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Oh, how I used to hate heading to the grocery store (some days I still do). Going with kids in tow is tough; toss sensory issues into the mix, and it’s even harder. The side glances. Comments. Apparently the grocery store is where parenting experts spend their time, who knew?
I’ve learned to be unapologetic, but it took some time to develop thick skin. You are NOT a failure as a parent – so get that thought out of your head. You’re also not alone.
Although it won’t always be picture perfect, there are some things that have helped us have a successful trip to the grocery store:
My kiddo needs more time to transition from one activity to another. We can’t just pack up and go. If I know a trip is on the horizon, I’ll start talking about it in advance. I ask her to add 1 or 2 items she wants to the grocery list – it helps get her excited and engaged.
Comfortable shoes are important; so are clothes that won’t make her too hot, or leave her too cold. Comfort might mean allowing her to wear her favorite things (yes, even when they are mismatched). It also might mean bringing her favorite doll or stuffed animal. Most importantly, we always make a pit-stop at the bathroom first.
3. Opportunity to teach
We read to our kids every night, and when Nats was little we’d try to choose stories that she could connect to. [Perhaps a children’s book like At the Supermarket, where the main character goes shopping with his mom.] If you’re working with a therapist, ask for help developing a social story.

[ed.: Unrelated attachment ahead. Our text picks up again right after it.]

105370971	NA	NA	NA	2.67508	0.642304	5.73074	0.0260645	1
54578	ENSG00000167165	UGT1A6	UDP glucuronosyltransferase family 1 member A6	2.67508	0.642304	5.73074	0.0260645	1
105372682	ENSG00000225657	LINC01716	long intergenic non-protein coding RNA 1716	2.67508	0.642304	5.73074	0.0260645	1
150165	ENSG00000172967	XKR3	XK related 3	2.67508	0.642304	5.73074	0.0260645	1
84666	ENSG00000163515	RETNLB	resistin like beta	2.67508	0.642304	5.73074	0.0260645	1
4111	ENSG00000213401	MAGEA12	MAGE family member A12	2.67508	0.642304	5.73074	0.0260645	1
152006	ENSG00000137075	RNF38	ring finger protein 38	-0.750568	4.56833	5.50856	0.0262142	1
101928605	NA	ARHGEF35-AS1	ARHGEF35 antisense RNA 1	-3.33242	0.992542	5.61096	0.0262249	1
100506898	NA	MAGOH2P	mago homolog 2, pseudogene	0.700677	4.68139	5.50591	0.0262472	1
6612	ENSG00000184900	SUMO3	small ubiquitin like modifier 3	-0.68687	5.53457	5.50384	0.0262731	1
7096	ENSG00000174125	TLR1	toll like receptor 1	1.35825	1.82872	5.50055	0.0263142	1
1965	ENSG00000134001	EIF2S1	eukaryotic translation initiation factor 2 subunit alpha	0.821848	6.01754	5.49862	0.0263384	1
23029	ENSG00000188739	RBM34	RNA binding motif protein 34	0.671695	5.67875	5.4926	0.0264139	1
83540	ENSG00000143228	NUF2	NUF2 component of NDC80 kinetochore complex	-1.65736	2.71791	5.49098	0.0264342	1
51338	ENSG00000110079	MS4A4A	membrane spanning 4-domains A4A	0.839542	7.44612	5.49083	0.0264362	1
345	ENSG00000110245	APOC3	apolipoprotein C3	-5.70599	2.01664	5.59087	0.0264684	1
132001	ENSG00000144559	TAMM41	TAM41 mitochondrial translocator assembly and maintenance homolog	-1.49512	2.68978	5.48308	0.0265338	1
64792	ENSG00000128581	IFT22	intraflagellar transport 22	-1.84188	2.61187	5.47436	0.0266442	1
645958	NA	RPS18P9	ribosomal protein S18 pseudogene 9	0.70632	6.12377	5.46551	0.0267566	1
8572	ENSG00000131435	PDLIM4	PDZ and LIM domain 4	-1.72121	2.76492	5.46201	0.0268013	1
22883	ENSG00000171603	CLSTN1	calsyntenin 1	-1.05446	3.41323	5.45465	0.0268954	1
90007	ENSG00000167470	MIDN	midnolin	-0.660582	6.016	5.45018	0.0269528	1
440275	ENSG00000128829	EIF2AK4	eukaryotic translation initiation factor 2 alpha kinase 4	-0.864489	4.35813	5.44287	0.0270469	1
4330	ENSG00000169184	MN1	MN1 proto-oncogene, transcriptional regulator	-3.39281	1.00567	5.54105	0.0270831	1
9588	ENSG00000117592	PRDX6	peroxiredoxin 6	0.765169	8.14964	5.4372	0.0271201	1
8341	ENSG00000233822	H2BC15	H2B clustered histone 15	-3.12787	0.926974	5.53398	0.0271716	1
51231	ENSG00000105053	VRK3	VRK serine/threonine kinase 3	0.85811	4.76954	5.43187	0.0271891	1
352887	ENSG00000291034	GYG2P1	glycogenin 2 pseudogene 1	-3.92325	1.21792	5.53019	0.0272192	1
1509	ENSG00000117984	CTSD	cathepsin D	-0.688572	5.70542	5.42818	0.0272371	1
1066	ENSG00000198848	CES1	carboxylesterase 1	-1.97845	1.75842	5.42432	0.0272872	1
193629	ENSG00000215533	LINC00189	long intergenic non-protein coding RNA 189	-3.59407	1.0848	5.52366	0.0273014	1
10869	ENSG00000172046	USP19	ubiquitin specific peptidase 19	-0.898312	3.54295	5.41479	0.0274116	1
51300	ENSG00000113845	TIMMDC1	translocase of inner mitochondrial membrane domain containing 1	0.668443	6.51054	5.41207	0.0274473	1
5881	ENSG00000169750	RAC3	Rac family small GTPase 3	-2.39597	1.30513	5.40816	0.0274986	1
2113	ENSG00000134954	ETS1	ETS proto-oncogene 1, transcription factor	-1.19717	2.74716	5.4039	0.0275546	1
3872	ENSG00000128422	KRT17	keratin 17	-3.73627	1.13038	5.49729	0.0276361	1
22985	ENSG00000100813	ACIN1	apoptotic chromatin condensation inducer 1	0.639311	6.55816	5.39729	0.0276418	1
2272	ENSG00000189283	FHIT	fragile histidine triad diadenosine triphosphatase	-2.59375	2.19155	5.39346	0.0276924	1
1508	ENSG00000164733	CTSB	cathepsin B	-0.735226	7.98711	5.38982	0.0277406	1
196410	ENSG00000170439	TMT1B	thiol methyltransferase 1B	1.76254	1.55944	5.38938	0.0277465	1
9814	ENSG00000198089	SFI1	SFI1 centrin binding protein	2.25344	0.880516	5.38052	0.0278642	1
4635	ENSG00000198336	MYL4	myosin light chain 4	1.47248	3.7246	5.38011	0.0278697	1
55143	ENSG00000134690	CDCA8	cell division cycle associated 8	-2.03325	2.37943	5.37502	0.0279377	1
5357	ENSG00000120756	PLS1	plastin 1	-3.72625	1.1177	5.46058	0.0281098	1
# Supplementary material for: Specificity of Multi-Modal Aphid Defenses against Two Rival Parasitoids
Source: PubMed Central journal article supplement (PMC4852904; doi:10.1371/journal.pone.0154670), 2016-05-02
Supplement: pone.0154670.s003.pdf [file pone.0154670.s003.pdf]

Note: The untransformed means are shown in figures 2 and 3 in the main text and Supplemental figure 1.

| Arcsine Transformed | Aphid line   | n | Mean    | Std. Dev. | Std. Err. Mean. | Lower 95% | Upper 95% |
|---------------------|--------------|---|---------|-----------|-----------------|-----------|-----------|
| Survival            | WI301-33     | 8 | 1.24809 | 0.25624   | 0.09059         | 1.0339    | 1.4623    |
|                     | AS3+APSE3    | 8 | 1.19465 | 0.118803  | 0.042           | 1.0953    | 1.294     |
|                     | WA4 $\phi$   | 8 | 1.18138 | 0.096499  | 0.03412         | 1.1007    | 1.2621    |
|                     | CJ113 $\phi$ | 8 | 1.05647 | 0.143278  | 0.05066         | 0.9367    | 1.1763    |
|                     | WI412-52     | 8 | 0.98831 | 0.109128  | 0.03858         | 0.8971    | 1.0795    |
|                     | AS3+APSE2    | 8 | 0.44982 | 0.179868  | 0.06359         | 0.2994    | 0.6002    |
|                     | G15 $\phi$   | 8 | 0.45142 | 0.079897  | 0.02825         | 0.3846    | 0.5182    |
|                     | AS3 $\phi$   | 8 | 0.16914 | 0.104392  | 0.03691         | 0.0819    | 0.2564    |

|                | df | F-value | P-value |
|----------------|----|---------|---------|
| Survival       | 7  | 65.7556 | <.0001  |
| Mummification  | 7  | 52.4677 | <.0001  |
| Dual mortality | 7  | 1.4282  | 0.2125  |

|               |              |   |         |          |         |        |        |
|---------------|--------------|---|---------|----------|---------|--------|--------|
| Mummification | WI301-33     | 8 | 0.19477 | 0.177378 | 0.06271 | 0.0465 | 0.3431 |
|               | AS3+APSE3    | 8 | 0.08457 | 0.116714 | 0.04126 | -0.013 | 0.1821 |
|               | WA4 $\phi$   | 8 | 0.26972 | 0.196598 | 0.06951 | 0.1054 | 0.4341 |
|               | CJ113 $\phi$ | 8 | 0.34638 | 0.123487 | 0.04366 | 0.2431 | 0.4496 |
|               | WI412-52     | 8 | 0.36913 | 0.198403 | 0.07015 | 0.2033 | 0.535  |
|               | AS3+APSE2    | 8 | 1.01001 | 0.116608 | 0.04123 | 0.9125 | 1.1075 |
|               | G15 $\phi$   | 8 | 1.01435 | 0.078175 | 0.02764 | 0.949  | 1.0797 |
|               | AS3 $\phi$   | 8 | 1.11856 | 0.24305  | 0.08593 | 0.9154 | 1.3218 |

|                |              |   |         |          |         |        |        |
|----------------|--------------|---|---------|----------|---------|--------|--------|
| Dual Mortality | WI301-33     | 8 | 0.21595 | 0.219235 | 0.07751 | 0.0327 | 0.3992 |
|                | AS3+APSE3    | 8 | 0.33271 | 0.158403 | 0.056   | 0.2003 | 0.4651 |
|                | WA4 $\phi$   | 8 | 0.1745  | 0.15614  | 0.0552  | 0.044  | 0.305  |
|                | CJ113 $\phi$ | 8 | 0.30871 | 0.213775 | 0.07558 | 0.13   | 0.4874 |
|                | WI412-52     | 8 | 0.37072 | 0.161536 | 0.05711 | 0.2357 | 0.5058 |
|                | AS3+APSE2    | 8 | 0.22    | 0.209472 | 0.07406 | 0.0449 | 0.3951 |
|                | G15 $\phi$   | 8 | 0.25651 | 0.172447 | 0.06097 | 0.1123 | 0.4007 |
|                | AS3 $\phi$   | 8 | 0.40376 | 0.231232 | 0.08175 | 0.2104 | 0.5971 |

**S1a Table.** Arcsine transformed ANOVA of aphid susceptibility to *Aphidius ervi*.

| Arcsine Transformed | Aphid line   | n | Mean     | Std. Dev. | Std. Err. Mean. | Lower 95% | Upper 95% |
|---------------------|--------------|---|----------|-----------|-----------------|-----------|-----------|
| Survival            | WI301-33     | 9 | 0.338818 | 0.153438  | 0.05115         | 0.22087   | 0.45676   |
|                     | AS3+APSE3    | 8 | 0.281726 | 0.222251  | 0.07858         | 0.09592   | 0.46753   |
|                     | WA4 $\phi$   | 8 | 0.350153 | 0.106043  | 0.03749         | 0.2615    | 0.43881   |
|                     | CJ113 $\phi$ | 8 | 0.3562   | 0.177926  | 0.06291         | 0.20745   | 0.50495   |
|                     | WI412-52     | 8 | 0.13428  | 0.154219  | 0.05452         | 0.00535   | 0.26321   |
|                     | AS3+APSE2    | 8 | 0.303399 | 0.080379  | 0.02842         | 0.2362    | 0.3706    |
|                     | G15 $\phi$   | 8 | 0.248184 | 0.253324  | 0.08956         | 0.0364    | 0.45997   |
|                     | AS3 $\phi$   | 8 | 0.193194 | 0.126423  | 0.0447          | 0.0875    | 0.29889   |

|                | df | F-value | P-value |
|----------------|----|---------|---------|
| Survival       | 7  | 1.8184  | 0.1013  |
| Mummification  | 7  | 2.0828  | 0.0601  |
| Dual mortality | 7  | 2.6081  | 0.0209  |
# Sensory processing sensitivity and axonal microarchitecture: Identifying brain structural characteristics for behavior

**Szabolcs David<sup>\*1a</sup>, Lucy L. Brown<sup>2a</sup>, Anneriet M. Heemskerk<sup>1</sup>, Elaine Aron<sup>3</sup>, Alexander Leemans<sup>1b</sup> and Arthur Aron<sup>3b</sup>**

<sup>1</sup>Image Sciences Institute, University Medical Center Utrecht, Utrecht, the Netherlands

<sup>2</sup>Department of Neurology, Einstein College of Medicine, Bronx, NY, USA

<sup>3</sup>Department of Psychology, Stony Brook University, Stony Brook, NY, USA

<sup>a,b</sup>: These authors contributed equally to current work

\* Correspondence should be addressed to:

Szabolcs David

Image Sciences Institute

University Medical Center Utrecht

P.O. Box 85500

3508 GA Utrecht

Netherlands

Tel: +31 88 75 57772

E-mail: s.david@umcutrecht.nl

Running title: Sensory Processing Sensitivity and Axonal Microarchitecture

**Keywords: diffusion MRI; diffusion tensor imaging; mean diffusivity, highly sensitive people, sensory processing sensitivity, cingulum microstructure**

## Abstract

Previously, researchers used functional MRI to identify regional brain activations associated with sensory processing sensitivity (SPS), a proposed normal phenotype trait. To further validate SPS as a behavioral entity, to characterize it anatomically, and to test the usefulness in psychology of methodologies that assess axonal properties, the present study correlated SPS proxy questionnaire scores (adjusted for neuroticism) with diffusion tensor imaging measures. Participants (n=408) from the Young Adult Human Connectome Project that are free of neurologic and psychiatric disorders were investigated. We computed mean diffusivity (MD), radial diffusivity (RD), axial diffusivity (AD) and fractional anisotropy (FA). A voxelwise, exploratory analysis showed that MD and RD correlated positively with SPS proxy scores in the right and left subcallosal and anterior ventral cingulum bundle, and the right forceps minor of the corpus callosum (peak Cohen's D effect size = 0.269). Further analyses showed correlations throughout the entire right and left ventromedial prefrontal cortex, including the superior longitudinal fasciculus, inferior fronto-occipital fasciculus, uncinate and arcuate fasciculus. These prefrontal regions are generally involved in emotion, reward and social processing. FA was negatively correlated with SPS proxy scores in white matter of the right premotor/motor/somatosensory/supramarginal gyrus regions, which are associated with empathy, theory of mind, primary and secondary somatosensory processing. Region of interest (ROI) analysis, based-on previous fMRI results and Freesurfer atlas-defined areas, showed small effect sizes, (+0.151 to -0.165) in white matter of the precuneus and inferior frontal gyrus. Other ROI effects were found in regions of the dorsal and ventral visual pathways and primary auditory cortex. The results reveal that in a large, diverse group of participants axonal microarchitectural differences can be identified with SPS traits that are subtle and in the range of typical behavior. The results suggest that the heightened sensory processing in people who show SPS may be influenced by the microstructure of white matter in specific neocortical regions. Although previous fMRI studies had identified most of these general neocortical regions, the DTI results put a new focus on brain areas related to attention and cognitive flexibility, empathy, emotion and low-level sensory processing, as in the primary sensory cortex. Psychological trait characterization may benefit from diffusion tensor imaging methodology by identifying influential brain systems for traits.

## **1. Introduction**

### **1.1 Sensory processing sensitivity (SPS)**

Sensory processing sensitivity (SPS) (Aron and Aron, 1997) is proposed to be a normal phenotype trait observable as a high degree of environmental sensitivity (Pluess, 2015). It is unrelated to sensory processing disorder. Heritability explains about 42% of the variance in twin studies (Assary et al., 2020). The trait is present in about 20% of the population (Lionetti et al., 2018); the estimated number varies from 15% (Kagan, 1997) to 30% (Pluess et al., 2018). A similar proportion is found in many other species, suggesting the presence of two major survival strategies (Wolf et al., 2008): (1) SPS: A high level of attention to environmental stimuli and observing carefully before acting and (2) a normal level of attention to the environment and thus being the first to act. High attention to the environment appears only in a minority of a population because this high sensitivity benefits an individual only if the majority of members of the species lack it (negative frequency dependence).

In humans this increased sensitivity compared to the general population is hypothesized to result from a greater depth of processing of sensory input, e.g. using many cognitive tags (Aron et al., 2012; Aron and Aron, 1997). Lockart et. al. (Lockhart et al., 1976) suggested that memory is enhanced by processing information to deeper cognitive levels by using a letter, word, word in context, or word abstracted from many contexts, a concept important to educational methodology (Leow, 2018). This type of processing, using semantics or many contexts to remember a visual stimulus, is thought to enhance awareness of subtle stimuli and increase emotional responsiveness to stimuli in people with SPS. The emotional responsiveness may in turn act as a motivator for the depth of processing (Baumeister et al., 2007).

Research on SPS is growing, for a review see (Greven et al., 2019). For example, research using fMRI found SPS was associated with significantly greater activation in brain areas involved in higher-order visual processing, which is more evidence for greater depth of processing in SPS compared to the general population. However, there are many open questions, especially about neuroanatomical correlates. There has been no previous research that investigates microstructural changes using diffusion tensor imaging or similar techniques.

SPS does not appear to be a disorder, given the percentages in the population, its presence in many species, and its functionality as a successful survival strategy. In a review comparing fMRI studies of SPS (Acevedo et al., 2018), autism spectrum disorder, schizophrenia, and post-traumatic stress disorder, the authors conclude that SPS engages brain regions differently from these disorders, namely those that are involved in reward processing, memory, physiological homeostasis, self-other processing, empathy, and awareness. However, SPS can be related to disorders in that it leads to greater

4. Plan for (your child’s) span
Only you know your child’s capacity to be in this setting before heading into meltdown city. Have a grocery list that mirrors you child’s ability. Start with a short list – such as only milk, bread and eggs, and work your way up to a full list by adding one or two items at a time. If noise is a concern, plan a trip during less busy times.
5. Have a distraction
A snack, juice box or favorite small toy can help. Nats likes to go with her favorite doll in tow, and often I’ll say, “Hey, why don’t you put Holiday in the cart and help me push!” or, “I bet Holiday would love to find the potato chips, let’s go!”
6. Have a bribe
Yes, I said bribe [others might say positive reinforcement – po-tay-to, po-tah-to]. I’m not a behavioral expert, I’m a parent trying to get through the grocery store. At the beginning of the trip we agree on what will happen when it’s successful. Sometimes it’s a treat, or iPad time.
7. Expect the unexpected
You may not make it through your grocery list. You may without incident. Your child might go hug a stranger. Or go into meltdown mode because they are out of her favorite cookies. Not that I’d know from experience or anything…..
8. Perfect the ‘smile and nod’
People will stare. Say things under their breath. I’d be lying if I said it didn’t irritate me. (I’ve noticed it more that Nats is older; when she was a toddler, certain behaviors are more socially accepted). Learn to smile. I’ve made eye contact, smiled and said the most polite, albeit sarcastic “Thank you, you’re just too kind!” to people who feel the need to comment.
9. OK, maybe I don’t completely ignore the critics…
I do not apologize for my daughter’s disability, nor do I explain it to every person who feels the need to give me parenting advice. I like to think that my polite-but-sarcastic-response makes someone think twice before doing it to someone else. That it lets them experience what they tried to impose upon me – shame. I’m not impolite, but I’m not there to film an after school special, either.
10. Trust your instincts
You’ll know when you walk into the store if it’s a good idea or not. If it’s an unusually crowded day or time, or overly noisy, it might make sense to try again at another time.